To further confirm that PRDM4 inactivated the PI3K/AKT signaling pathway by transactivating PTEN, we stably transfected the shPTEN and control plasmids into HeLa-PRDM4 and SiHa-PRDM4 cells, respectively. The p-AKT (Thr308) protein levels were much higher in the cells transfected with shPTEN than in the cells transfected with the control plasmids, with inhibition of p27 and p21 protein expression (Fig. 6A). In addition, the tumor formation inhibited by PRDM4 overexpression was reversed when PTEN was silenced (p < 0.05, Fig. 6B, C). Furthermore, when cells were treated with a PTEN-specific inhibitor, SP1670, for 24 h at a concentration of 2 µmol/ml, the levels of p-AKT were increased compared with those in the DMSO control cells (Fig. 6D). Additionally, the HeLa-PRDM4 and SiHa-PRDM4 cells treated with SP1670 showed much higher cell proliferation and viability (p < 0.05, Fig. 6E). Additionally, the TCGA database showed that the mRNA level of PRDM4 in cervical cancer tissues was significantly positively related to the PTEN mRNA level, with an R of 0.25 (p < 0.01, Fig. 6F).

Fig. 6: Silencing the expression of PTEN rescued the cell growth potential induced by PRDM4 overexpression.
figure6

A The expression levels of PTEN, AKT, p-AKT, p21, and p27 were detected by Western blots in the PTEN-silenced HeLa-PRDM4 and SiHa-PRDM4 cells. B, C PTEN was silenced by specific shRNA targeting the PTEN CDS region in the PRDM4-overexpressing HeLa and SiHa cells, and the associated tumor weights and growth curves are shown. D The expression levels of AKT and p-AKT were detected in the HeLa-PRDM4 and SiHa-PRDM4 cells treated with the PTEN inhibitor SF1670. E The cell proliferation and cell vitality were assessed in the HeLa-PRDM4 and SiHa-PRDM4 cells treated with the PTEN inhibitor SF1670. F The correlation between the PRDM4 and PTEN mRNA levels in cervical cancer was analyzed using the TCGA database (R = 0.24, p < 0.05). G A proposed model of the PRDM4-mediated enhancement of PTEN inactivation of the PI3K/AKT pathway in cervical cancer progression. The data are presented as the mean ± SD of experiments in triplicate. Statistical significance is denoted by the symbols *p < 0.05, **p < 0.01, ***p < 0.001.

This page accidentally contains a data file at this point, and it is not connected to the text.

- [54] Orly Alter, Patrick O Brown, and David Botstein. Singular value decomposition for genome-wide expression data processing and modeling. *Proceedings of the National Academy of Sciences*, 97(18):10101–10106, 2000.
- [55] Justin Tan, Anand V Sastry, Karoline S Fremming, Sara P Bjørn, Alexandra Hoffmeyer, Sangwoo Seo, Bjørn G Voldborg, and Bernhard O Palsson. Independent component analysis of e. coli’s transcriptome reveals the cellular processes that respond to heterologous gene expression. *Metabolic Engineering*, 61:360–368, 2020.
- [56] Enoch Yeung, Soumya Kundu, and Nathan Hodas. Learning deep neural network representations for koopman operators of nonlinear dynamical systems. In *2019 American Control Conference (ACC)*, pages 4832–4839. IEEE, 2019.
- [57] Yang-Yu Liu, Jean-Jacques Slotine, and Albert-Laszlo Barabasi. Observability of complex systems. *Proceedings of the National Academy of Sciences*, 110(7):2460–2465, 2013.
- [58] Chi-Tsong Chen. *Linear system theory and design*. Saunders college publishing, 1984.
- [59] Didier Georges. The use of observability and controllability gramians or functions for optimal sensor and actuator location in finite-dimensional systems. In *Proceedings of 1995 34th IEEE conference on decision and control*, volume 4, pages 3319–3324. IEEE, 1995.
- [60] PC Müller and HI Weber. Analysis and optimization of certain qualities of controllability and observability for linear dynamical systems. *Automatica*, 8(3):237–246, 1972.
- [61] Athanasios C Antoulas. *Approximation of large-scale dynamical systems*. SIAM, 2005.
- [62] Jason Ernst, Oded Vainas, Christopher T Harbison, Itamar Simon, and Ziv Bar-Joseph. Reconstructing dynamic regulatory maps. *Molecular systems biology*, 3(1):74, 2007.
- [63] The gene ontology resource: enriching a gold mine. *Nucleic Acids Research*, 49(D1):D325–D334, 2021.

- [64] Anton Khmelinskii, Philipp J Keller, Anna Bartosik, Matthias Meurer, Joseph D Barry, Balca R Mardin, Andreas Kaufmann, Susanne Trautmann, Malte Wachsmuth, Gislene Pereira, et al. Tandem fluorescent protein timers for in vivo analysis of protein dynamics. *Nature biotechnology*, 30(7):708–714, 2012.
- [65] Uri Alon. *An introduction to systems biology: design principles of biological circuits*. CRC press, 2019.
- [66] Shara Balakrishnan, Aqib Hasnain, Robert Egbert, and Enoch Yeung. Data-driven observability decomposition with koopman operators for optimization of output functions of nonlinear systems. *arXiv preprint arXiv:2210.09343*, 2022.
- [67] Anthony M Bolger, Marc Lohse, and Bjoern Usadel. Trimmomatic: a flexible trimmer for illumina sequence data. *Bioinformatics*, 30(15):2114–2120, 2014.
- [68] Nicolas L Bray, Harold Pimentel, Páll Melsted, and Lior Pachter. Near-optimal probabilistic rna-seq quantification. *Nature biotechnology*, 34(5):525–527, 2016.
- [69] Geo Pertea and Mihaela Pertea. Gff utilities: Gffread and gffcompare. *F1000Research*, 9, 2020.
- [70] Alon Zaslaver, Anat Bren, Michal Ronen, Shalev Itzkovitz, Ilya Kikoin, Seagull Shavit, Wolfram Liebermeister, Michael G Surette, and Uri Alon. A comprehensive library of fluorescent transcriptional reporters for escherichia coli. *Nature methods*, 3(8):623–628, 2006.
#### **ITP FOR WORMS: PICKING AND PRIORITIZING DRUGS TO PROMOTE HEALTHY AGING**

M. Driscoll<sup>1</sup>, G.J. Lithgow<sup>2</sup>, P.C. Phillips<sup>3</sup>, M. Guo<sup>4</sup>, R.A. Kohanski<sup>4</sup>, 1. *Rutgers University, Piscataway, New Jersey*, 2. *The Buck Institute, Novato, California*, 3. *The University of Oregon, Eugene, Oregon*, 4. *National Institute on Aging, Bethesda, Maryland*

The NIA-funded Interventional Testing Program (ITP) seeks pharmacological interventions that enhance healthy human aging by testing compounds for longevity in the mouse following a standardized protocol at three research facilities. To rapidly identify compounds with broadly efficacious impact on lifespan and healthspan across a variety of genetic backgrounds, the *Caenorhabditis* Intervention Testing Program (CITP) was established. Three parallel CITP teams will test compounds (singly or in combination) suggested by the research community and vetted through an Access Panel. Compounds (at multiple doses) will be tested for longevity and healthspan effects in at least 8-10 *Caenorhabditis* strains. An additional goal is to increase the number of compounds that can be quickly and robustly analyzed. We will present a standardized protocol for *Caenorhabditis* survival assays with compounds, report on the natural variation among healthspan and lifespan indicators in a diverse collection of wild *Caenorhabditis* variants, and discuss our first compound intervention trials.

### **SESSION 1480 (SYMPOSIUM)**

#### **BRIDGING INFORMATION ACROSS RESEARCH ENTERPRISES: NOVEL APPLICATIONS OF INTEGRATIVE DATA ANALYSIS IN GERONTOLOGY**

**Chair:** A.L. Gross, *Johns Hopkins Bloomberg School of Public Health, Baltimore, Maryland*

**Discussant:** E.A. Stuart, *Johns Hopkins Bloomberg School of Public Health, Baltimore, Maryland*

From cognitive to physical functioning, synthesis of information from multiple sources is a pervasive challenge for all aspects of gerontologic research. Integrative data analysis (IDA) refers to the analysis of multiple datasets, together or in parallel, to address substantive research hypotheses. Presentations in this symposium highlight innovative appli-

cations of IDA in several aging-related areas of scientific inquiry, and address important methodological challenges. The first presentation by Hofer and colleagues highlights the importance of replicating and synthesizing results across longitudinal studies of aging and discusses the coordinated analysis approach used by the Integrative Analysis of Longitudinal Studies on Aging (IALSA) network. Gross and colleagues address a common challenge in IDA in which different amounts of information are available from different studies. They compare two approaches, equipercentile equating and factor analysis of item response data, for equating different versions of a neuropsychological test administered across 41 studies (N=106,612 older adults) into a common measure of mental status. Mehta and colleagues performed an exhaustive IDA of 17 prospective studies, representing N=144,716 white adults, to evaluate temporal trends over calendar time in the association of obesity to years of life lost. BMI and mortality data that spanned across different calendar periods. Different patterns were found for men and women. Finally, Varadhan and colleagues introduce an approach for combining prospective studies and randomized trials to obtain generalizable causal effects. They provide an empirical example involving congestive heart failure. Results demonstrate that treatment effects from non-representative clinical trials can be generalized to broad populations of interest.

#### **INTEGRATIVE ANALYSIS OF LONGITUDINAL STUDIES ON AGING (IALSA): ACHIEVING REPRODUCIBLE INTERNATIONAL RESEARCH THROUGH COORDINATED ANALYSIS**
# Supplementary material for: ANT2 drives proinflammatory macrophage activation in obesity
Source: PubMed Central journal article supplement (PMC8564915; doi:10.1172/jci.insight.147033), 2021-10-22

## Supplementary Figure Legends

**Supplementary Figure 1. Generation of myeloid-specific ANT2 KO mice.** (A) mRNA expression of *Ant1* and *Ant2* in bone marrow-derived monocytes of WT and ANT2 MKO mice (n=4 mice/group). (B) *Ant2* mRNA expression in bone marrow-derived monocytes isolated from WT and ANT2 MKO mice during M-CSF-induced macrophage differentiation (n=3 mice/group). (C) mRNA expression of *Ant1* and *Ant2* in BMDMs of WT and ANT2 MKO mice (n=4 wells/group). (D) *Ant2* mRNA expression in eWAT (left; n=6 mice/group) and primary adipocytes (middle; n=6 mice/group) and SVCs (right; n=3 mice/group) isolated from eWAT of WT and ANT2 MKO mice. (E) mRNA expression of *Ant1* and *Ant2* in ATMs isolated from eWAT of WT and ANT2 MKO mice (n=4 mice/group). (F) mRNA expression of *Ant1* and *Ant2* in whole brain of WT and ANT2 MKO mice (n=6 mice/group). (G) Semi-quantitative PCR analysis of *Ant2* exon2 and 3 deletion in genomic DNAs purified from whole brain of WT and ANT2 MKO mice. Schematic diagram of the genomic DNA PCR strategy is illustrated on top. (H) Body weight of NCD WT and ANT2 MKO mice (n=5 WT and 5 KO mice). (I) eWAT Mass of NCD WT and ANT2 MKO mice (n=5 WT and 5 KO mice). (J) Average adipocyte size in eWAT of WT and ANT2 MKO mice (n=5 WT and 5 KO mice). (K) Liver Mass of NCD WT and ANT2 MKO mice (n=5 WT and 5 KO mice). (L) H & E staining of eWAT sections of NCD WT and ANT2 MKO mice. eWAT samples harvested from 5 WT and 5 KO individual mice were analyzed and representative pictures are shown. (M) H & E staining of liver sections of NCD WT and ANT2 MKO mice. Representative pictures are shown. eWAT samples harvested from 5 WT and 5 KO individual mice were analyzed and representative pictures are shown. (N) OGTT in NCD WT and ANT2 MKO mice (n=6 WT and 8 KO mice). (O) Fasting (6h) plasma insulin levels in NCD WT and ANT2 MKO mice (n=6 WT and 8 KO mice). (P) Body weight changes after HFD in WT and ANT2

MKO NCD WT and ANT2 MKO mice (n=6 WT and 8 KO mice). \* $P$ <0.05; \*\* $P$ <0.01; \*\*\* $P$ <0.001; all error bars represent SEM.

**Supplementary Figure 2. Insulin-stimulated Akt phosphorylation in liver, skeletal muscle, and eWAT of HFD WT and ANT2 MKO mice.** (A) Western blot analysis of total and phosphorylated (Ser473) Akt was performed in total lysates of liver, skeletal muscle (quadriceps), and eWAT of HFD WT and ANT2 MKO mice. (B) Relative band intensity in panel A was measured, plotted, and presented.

All of these results further confirmed that PRDM4 inhibited the proliferation and tumorigenicity of cervical cancer cells by suppressing the PI3K/AKT signaling pathway via the transactivation of PTEN (Fig. 6G).

Discussion

The malignant transformation of normal cervical epithelium is caused by high-risk HPV infection combined with genetic and epigenetic abnormalities. Here, viral DNA was detected in cervical cancer patients using the universal primers GP5+/6+, and the PRDM4 IRS was 3.86 ± 0.82 in HPV-positive and 4.13 ± 1.31 in HPV-negative samples, indicating that there was no significant difference between PRDM4 expression and HPV infection (Supplementary Table 1). Additionally, PRDM4 showed a certain percentage of positive samples in SCC. These results indicated that PRDM4 is one of the cancer-related factors involved in cell proliferation and malignant biological processes. Moreover, the function of PRDM4 might be replaced by other PRDM factors.